Pub.: 30 May '17, Pinned: 10 Oct '17
Abstract: Acetyl-coenzyme A (acetyl-CoA) is a central metabolic intermediate. The abundance of acetyl-CoA in distinct subcellular compartments reflects the general energetic state of the cell. Moreover, acetyl-CoA concentrations influence the activity or specificity of multiple enzymes, either in an allosteric manner or by altering substrate availability. Finally, by influencing the acetylation profile of several proteins, including histones, acetyl-CoA controls key cellular processes, including energy metabolism, mitosis, and autophagy, both directly and via the epigenetic regulation of gene expression. Thus, acetyl-CoA determines the balance between cellular catabolism and anabolism by simultaneously operating as a metabolic intermediate and as a second messenger.
Pub.: 04 Jun '15, Pinned: 10 Oct '17
Abstract: Learning and memory are two of the most magical capabilities of our mind. Learning is the biological process of acquiring new knowledge about the world, and memory is the process of retaining and reconstructing that knowledge over time. Most of our knowledge of the world and most of our skills are not innate but learned. Thus, we are who we are in large part because of what we have learned and what we remember and forget. In this Review, we examine the molecular, cellular, and circuit mechanisms that underlie how memories are made, stored, retrieved, and lost.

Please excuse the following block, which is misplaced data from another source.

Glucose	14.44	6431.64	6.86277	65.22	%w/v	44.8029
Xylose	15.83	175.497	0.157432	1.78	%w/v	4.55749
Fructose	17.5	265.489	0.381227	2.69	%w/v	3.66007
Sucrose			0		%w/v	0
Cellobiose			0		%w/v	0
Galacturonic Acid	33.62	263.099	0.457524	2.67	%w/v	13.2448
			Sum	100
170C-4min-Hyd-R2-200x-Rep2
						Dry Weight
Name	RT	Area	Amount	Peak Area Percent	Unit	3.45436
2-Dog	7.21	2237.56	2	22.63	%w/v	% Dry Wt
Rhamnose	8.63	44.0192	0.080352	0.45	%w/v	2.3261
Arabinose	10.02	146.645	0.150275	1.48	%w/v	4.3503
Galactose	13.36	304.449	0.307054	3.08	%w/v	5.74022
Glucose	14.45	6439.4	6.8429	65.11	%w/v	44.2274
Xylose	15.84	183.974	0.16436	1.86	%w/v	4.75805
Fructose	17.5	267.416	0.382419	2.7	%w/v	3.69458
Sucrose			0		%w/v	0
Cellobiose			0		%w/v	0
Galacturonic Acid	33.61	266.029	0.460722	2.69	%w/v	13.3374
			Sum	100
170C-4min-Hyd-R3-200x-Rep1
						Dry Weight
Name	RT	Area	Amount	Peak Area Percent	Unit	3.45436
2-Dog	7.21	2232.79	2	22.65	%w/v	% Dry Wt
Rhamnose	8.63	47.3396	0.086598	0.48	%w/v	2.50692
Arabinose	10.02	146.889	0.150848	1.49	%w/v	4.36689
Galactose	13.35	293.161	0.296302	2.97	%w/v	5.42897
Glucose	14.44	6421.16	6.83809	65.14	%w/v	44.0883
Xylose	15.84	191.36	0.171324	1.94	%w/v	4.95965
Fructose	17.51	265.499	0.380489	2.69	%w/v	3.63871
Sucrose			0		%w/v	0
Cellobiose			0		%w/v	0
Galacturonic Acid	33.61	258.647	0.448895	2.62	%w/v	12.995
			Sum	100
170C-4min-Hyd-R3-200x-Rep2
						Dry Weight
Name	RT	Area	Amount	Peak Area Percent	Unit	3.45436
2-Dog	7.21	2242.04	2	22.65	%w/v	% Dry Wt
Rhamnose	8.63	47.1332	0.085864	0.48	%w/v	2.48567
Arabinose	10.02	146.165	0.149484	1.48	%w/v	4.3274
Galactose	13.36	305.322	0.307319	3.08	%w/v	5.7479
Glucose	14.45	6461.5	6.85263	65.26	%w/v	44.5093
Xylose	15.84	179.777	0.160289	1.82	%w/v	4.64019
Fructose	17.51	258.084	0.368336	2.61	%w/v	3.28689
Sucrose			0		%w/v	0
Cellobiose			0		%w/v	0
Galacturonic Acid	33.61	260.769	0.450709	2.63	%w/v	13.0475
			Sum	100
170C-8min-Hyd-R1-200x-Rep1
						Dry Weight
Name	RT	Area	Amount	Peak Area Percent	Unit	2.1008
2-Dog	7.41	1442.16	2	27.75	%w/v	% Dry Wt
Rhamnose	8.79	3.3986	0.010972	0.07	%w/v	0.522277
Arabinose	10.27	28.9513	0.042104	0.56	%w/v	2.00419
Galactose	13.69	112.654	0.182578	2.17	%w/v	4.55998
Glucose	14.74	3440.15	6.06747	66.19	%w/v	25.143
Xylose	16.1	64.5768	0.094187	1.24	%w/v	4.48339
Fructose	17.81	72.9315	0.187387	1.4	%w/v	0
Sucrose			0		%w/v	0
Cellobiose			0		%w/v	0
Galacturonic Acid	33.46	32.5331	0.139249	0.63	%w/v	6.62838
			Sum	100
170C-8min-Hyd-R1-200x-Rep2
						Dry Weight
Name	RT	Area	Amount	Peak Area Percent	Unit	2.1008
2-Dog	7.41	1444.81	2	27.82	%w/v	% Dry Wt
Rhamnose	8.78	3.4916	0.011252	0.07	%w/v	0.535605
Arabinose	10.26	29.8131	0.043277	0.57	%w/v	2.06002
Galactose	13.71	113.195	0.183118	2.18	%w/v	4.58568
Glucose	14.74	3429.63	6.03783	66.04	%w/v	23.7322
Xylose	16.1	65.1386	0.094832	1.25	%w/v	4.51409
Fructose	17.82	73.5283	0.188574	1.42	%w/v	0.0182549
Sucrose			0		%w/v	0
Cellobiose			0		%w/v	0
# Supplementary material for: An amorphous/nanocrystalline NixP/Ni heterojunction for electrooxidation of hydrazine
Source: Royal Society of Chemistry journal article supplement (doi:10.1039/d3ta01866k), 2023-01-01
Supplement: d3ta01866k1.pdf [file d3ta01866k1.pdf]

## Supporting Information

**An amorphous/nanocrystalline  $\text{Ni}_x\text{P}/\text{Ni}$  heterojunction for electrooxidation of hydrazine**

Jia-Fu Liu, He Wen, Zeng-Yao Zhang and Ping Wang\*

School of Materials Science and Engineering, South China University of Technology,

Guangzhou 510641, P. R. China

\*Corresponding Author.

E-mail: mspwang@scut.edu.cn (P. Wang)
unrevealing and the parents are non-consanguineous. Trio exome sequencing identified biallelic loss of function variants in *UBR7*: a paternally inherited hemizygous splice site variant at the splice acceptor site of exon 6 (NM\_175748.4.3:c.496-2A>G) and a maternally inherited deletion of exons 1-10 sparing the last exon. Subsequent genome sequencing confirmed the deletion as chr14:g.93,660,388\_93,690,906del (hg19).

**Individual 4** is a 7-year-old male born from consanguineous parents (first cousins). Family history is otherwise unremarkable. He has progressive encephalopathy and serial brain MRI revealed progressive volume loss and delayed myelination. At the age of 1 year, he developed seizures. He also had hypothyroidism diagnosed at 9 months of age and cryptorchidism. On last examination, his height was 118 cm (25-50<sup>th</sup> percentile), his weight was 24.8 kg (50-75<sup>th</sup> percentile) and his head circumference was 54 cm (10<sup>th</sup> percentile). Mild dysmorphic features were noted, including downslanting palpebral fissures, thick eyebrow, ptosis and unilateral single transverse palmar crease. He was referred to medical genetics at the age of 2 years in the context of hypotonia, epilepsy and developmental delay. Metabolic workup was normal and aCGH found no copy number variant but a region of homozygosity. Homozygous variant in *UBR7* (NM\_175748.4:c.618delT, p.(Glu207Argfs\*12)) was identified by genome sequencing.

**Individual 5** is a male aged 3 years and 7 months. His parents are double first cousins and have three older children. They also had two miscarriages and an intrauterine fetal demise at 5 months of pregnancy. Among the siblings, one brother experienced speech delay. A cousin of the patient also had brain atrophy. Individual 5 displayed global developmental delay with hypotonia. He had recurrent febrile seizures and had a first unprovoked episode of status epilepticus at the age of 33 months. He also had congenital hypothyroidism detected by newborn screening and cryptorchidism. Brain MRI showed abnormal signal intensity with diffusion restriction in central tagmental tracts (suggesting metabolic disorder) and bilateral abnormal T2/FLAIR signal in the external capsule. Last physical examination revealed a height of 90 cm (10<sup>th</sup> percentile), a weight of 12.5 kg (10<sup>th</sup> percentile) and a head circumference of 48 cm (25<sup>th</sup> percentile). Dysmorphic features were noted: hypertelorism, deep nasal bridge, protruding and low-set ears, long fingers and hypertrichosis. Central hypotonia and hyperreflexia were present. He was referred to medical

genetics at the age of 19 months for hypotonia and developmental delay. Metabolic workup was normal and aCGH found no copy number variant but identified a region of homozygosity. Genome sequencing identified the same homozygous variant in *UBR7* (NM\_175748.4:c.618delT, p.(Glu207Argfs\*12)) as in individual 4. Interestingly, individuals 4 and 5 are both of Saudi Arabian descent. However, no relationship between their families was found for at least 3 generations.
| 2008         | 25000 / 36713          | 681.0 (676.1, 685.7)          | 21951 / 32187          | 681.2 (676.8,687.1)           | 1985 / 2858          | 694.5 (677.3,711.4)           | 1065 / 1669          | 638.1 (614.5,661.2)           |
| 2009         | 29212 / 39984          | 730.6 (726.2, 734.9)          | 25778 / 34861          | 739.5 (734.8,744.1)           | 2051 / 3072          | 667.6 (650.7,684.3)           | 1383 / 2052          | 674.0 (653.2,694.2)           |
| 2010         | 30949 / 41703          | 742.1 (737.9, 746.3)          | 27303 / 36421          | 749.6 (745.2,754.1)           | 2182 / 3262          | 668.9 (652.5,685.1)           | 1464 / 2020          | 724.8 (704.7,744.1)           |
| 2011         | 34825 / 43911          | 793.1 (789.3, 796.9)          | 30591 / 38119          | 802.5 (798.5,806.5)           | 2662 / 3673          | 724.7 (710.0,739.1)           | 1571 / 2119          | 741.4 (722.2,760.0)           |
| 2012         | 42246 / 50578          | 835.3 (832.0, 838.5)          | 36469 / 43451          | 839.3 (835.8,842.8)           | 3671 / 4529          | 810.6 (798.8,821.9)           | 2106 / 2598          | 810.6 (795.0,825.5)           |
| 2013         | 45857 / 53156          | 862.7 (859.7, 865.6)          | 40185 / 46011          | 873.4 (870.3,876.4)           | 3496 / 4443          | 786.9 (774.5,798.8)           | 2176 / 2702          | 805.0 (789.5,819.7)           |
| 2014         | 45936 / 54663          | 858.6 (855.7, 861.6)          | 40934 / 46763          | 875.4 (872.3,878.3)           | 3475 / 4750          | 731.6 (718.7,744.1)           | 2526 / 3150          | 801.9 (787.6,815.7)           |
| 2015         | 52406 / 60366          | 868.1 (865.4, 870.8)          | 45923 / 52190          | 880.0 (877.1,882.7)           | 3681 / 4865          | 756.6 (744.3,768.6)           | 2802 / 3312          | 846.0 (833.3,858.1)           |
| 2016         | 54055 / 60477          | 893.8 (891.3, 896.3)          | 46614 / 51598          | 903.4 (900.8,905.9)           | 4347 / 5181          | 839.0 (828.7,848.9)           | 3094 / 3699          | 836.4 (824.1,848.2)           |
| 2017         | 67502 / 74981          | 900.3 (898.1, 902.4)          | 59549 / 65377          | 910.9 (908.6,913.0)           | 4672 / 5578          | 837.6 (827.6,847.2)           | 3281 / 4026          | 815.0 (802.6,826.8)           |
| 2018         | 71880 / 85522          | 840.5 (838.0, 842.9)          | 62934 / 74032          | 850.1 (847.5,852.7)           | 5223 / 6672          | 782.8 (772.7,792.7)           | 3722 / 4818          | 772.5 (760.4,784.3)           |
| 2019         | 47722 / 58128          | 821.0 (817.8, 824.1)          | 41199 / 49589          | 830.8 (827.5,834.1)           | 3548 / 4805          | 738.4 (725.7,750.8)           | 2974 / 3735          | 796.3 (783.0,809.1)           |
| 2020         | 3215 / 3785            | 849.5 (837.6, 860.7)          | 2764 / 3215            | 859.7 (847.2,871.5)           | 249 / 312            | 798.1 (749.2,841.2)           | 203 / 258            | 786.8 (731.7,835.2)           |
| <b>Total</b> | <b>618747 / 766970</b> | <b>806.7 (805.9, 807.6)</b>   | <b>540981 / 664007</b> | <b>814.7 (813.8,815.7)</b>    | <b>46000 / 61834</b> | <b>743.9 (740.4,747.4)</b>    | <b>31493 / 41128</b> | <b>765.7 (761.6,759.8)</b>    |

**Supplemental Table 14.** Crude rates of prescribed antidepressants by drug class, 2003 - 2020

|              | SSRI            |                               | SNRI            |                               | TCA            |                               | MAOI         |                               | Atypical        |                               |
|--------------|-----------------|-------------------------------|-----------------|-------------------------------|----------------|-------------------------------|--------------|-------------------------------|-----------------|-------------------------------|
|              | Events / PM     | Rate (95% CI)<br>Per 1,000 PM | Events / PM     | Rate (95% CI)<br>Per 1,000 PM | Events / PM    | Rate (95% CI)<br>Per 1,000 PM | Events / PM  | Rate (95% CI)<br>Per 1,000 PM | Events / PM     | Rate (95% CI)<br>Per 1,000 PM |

Pub.: 01 Apr '14, Pinned: 10 Oct '17
Abstract: Over the past 25 years, the broad field of epigenetics and, over the past decade in particular, the emerging field of neuroepigenetics have begun to have tremendous impact in the areas of learned behavior, neurotoxicology, CNS development, cognition, addiction, and psychopathology. However, epigenetics is such a new field that in most of these areas the impact is more in the category of fascinating implications as opposed to established facts. In this brief commentary, I will attempt to address and delineate some of the open questions and areas of opportunity that discoveries in epigenetics are providing to the discipline of neuroscience.
Pub.: 05 Nov '13, Pinned: 10 Oct '17
Abstract: Long-lasting memories require specific gene expression programmes that are, in part, orchestrated by epigenetic mechanisms. Of the epigenetic modifications identified in cognitive processes, histone acetylation has spurred considerable interest. Whereas increments in histone acetylation have consistently been shown to favour learning and memory, a lack thereof has been causally implicated in cognitive impairments in neurodevelopmental disorders, neurodegeneration and ageing. As histone acetylation and cognitive functions can be pharmacologically restored by histone deacetylase inhibitors, this epigenetic modification might constitute a molecular memory aid on the chromatin and, by extension, a new template for therapeutic interventions against cognitive frailty.
Pub.: 18 Jan '13, Pinned: 10 Oct '17